Her lover was a supernova who took worlds with him when he died, and as a new world grows within Ekhi, savage lives rage and love on a small ship in the outer reaches of space. A ship with an agenda of its own.
Critically acclaimed author of weird fiction Paul Jessup sends puppets to speak and fight for their masters while a linguistic virus eats through the minds of a group of scavengers in Open Your Eyes, a surrealist space opera of haunting beauty and infinite darkness.
Open Your Eyes
[print $13.95] [ebook $3.99] [kindle $2.99] [Nook $2.99]
A surrealistic Space Opera
Publisher: Apex Books
Release Date: April 16th, 2009
Cover artist: Daniele Cascone
Her lover was a supernova. She smiled when he came- his bright burning light rocking her body, impregnating her with the essence of stars. Through the metal bones of her ship she felt the gasses enter her- felt the compound light exploding inside of her. Her hands clawed at the cracked vinyl of the chair, her legs spread to either side with toes stretched out- her mouth in piercing screams of ecstasy.
“With unique imagination at work, Open Your Eyes bombards the reader with stunning imagery, from living spaceships to mechanical butterflies.”
-Ekaterina Sedia, Author of The Secret History of Moscow and Alchemy of Stone
“Open Your Eyes is surrealistic space opera in the tradition of New Wave experimentalism, echoing the fantastic imagery of Samuel R. Delany and the angst-ridden identity paranoia of Philip K. Dick, all bound together in a distinctly modern vision of a post-technological future bereft of a human core. Jessup’s bone spaceships and resurrecting crews tumble into the core of a mystery which is consuming the very hearts of suns. Go along for the ride, and open your eyes.
— Jay Lake, author of Escapement and Green
Evocative, moving, elegiac, and sometimes surreal, Jessup’s Open Your Eyes is a space opera novella that lives and breathes in the 21st century. It blends together the best of fast-paced adventure and intriguing characters. Open Your Eyes is truly a nova in the science fiction universe.
—Alan DeNiro, author of Skinny Dipping in the Lake of the Dead
There are certain writers who instantly transport readers into new, unfamiliar worlds that are completely different from the universe we know. After only a few bites, the reader sits back, gasping, and reaches for the water glass. Then, eyes watering, he or she dives back in, licking the plate clean and asking for seconds. Think of Samuel R. Delany or Cordwainer Smith.
Welcome Paul Jessup to the ranks.
Open Your Eyes is billed as a cross between horror and science fiction, which is a little like describing filet mignon as a cross between cows and the laws of thermodynamics. More to the point is the publisher’s description of the book as “surrealist space opera.” Suspension of disbelief? It’s best to nail your belief to the ceiling for the duration.
Jessup’s novella ends up being notable specifically because it would never have appeared in The New Space Opera 2, as the pleasures it offers are so incredibly unique and different. Open Your Eyes shows us just how much possibility exists in the sub-genre of which Dozois and Strahan have only just begun to scratch the surface.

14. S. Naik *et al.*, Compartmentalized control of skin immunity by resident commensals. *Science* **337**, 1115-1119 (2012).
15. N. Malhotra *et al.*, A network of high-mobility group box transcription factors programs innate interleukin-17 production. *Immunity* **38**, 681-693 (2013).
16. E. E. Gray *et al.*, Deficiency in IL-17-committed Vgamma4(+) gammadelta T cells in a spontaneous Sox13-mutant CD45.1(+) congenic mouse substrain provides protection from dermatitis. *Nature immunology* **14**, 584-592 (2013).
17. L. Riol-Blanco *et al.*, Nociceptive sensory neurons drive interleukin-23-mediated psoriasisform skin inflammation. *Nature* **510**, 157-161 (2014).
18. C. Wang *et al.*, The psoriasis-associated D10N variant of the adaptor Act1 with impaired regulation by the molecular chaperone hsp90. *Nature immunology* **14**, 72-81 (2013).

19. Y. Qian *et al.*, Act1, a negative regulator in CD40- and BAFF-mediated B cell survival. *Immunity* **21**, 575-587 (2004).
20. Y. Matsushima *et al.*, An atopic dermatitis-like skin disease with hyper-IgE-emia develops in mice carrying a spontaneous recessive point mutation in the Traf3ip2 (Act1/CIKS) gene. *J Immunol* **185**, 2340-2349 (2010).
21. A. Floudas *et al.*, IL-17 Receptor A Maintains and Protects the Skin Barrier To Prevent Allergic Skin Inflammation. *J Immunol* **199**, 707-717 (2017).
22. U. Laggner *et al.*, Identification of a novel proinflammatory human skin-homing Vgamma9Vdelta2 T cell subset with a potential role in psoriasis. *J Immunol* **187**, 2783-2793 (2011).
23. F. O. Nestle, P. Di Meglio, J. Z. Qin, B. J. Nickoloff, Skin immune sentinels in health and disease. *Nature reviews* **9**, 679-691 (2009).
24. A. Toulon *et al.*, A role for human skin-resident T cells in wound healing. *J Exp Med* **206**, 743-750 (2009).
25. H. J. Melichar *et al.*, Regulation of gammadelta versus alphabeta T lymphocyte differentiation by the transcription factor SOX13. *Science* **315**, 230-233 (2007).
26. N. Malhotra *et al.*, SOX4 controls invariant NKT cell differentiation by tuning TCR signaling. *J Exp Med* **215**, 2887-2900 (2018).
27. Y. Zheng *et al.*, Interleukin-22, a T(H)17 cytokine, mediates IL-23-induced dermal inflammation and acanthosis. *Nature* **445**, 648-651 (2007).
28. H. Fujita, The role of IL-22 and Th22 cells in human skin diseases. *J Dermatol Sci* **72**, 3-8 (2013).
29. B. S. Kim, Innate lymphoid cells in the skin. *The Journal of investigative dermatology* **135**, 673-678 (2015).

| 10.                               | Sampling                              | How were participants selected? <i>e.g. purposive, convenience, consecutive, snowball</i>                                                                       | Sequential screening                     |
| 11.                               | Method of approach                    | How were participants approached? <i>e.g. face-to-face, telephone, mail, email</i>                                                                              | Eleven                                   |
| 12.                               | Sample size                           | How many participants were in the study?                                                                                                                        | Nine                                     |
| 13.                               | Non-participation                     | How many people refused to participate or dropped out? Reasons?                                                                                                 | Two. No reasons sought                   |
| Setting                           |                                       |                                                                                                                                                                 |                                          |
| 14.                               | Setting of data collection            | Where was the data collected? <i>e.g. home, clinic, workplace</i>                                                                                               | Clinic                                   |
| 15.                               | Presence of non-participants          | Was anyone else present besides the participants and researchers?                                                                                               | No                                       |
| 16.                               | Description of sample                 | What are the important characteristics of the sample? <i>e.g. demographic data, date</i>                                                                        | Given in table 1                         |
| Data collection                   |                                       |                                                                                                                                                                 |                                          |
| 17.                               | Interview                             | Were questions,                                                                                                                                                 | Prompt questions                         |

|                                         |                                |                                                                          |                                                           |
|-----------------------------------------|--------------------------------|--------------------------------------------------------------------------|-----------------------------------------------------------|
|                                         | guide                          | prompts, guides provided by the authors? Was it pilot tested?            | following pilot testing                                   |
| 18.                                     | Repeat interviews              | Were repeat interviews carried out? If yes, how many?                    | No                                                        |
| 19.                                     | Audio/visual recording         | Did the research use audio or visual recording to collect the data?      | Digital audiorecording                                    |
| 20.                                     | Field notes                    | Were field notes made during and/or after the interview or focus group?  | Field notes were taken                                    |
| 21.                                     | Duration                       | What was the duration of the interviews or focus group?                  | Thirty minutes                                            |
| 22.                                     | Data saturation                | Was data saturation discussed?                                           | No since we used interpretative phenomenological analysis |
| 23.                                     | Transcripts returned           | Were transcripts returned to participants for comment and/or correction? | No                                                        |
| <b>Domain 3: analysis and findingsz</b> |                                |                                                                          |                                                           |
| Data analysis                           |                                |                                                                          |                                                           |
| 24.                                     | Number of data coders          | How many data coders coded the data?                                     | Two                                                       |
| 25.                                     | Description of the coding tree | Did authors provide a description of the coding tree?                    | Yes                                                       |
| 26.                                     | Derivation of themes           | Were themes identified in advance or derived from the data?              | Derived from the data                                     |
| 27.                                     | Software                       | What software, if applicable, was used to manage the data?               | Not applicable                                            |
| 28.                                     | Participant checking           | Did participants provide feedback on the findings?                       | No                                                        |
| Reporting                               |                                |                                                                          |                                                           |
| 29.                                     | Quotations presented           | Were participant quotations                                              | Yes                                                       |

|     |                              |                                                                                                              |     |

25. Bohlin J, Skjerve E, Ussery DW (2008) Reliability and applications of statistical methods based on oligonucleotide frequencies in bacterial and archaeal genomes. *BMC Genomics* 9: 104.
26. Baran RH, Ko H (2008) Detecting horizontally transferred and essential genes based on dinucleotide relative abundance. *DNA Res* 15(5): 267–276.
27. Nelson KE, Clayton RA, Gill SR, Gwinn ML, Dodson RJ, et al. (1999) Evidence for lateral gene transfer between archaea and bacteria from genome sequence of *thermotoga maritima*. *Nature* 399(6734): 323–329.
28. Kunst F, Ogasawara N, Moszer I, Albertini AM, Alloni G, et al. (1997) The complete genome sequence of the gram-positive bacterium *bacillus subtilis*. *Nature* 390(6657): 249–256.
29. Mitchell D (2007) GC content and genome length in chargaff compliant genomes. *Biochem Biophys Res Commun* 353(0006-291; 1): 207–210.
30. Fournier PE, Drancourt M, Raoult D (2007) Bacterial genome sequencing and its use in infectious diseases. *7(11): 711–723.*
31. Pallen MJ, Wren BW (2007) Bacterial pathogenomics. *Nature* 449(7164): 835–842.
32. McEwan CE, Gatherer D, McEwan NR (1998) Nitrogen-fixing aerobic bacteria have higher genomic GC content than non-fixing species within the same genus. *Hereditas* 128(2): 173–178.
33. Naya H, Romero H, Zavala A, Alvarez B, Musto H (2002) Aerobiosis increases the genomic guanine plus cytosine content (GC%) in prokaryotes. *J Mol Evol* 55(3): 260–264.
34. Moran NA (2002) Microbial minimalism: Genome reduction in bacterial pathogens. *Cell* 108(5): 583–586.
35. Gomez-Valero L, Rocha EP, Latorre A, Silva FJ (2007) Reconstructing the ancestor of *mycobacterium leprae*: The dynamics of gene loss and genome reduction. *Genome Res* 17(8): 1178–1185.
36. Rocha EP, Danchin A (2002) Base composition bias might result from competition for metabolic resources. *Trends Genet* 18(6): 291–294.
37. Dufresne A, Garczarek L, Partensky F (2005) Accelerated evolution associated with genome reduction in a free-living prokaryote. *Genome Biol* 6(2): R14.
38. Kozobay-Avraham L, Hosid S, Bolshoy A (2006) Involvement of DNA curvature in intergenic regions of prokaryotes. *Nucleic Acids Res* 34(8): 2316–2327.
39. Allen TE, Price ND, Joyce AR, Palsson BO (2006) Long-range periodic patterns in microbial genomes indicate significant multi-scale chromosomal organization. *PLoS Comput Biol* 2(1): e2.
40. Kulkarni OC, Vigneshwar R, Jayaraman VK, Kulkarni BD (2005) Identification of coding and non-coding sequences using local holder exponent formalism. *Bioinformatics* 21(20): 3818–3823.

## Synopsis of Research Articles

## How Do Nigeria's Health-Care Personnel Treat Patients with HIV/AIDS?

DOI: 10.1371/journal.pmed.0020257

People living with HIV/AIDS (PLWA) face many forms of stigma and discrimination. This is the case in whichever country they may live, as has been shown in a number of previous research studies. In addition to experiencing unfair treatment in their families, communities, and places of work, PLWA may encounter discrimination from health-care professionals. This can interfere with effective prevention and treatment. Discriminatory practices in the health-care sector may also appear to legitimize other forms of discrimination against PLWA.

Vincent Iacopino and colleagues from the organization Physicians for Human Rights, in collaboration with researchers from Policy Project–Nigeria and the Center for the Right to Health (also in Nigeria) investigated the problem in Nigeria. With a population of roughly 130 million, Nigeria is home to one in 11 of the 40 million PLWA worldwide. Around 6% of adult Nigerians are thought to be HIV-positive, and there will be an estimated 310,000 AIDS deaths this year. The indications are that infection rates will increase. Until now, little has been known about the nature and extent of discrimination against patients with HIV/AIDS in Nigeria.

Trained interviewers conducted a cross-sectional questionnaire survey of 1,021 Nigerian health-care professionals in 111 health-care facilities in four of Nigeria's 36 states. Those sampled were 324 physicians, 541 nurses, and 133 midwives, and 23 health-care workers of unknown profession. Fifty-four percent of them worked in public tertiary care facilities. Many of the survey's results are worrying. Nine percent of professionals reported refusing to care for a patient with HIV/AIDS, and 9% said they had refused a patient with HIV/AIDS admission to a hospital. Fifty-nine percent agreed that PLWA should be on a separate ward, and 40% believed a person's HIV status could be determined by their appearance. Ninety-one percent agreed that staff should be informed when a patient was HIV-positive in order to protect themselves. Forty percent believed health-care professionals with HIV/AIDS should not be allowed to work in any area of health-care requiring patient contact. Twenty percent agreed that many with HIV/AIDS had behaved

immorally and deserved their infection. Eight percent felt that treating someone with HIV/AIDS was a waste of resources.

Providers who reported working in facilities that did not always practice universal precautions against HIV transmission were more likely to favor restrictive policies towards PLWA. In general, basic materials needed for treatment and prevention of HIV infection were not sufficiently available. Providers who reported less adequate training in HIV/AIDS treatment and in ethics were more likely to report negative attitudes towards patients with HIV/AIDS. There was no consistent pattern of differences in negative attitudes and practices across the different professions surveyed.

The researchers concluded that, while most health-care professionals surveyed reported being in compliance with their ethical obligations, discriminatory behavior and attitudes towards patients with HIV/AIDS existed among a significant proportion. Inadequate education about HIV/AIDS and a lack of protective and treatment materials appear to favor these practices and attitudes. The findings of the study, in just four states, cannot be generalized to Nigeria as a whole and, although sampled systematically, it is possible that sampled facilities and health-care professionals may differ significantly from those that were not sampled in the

In Jessup’s supernova-bright novella, his first stand-alone publication, pregnant space voyager Ekhi is rescued from her ailing vessel by the crew of a scavenger ship. Their captain, mysterious, doll-like cyborg Itsasu, mourns her husband’s death, and has been yearning to bring him back to life with the “Ortzadar engine” her ship is secretly carrying. She reluctantly allows Ekhi to join her crew, but keeps her under strict supervision. The other crew members struggle with various personal issues brought sharply into perspective by a sudden alien invasion and the discovery that the ship’s AI is playing a deadly game of its own. Jessup describes his surrealistic space opera vision with bleak, elegant prose and a dash of black humor. (Apr.)
The style is prose that, unlike much of contemporary science fiction, is intelligent and visually dynamic. I could see the bones of the space ship, see the butterflies in the cage that made up half of Mari’s face, and feel the crackling skin of the centuries old captain Itsasu. Each character has his or her own motivations for being on the scavenger ship. If Ekhi’s case, she was rescued after her lover went super nova, but there was one thing none of them suspected, that the Heart of the ship had its own plans. Beware a space ship that has a mind of its own.
Darkly imaginative, this space opera grabs your attention from the sensual opening scene to the last pages where all hope seems lost. From a beating heart to the love child of a cosmic coupling, the novella is a compelling read. Reminiscent of Neal Stephenson’s Snow Crash, the idea of language as a virus is more compelling and without the complicated ins and outs of Stephenson’s work. It really seems more poignant that the characters don’t know how or why it worked, and neither does the reader. The dread builds up as the inevitablity of infection looms over the scavenger ship’s crew.